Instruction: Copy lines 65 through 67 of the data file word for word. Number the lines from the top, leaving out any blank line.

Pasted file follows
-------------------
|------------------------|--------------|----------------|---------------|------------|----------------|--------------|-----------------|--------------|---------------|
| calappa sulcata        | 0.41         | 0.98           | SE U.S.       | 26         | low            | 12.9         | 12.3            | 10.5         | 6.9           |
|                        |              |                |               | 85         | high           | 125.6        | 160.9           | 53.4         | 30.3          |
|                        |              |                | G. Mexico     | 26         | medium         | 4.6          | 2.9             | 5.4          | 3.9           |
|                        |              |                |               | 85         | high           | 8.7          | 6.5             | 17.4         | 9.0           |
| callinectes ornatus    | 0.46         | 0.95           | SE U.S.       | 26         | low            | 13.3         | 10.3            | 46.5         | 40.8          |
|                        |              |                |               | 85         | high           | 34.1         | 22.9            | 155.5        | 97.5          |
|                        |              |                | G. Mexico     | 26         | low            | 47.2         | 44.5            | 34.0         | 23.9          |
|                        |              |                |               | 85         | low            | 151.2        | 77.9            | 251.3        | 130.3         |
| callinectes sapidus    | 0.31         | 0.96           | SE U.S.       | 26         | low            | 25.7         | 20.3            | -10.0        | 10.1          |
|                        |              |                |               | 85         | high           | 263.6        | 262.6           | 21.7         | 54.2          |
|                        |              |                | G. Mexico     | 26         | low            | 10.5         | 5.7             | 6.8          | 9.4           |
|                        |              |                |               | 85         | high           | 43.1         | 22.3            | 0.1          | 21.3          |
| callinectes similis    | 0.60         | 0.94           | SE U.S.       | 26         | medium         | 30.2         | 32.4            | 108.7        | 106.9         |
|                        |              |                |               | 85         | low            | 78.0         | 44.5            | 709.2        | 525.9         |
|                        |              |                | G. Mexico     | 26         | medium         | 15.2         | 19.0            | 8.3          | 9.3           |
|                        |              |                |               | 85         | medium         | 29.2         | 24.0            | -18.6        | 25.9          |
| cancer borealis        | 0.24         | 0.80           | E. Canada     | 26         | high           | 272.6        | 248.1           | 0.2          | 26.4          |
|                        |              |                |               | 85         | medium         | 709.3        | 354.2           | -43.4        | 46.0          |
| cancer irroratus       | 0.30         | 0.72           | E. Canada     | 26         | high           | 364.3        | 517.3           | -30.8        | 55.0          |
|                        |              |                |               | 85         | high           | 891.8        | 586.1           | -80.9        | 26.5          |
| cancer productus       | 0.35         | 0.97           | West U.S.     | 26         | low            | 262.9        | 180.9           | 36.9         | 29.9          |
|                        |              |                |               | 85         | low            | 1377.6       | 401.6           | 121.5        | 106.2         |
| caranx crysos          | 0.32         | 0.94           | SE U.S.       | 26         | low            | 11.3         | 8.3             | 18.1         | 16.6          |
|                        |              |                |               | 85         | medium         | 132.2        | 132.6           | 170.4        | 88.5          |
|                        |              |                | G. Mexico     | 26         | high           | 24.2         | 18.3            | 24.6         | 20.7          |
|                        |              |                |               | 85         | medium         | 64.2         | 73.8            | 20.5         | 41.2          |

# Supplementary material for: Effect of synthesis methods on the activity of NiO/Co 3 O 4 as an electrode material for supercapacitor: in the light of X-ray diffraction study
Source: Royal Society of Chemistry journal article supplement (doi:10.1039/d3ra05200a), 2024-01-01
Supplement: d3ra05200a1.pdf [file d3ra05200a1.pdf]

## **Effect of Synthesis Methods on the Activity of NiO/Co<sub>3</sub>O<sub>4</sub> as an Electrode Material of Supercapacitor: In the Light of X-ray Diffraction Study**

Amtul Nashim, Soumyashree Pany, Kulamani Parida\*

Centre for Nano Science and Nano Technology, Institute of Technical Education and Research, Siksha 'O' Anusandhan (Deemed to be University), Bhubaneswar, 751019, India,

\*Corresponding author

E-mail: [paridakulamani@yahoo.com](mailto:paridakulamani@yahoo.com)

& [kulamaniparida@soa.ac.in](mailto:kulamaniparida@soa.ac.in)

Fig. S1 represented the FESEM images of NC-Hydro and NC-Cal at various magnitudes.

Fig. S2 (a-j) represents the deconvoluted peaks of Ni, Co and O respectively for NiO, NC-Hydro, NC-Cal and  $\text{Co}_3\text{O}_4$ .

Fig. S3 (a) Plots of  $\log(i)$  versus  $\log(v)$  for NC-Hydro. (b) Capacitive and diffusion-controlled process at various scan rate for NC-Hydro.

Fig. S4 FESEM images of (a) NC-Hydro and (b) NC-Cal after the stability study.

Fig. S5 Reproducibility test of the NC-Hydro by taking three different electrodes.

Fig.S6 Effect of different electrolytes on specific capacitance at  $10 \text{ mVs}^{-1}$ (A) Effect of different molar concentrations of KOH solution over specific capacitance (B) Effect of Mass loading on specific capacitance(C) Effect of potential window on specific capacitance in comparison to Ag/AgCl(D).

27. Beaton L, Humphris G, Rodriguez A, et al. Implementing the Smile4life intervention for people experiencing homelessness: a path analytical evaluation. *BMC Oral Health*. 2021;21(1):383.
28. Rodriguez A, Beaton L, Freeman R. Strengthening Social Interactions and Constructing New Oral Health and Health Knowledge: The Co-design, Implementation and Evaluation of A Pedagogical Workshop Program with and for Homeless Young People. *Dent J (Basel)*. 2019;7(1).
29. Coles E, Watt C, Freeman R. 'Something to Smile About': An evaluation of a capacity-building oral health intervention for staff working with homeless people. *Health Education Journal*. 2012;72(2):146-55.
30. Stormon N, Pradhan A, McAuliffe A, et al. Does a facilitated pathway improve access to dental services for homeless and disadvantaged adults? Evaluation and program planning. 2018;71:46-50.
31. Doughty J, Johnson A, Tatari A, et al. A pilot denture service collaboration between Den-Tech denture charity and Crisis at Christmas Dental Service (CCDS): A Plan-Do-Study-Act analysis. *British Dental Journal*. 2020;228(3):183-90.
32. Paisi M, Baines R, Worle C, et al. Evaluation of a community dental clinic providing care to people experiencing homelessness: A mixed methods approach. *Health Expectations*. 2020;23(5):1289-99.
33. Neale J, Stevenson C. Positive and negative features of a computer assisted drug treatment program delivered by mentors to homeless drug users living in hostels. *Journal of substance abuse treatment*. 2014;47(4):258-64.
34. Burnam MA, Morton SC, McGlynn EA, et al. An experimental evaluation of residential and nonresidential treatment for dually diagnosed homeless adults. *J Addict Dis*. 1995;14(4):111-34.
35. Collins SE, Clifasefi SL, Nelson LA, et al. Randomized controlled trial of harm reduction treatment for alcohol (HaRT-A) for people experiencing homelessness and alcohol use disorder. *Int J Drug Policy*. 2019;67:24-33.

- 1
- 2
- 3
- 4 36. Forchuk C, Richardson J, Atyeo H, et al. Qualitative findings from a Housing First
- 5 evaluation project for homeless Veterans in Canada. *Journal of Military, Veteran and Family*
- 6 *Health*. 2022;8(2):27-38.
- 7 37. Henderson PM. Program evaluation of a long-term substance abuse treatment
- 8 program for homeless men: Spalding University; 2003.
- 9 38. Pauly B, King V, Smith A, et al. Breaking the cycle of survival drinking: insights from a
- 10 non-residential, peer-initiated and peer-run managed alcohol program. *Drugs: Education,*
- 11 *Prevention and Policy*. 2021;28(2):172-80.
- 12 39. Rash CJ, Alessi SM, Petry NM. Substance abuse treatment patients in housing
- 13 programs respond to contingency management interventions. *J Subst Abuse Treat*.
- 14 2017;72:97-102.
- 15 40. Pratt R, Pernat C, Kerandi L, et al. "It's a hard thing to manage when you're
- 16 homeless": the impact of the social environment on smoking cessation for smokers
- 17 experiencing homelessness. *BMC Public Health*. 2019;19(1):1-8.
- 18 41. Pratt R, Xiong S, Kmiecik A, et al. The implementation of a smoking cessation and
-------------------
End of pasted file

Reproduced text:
- 14 2017;72:97-102.
- 15 40. Pratt R, Pernat C, Kerandi L, et al. "It's a hard thing to manage when you're
- 16 homeless": the impact of the social environment on smoking cessation for smokers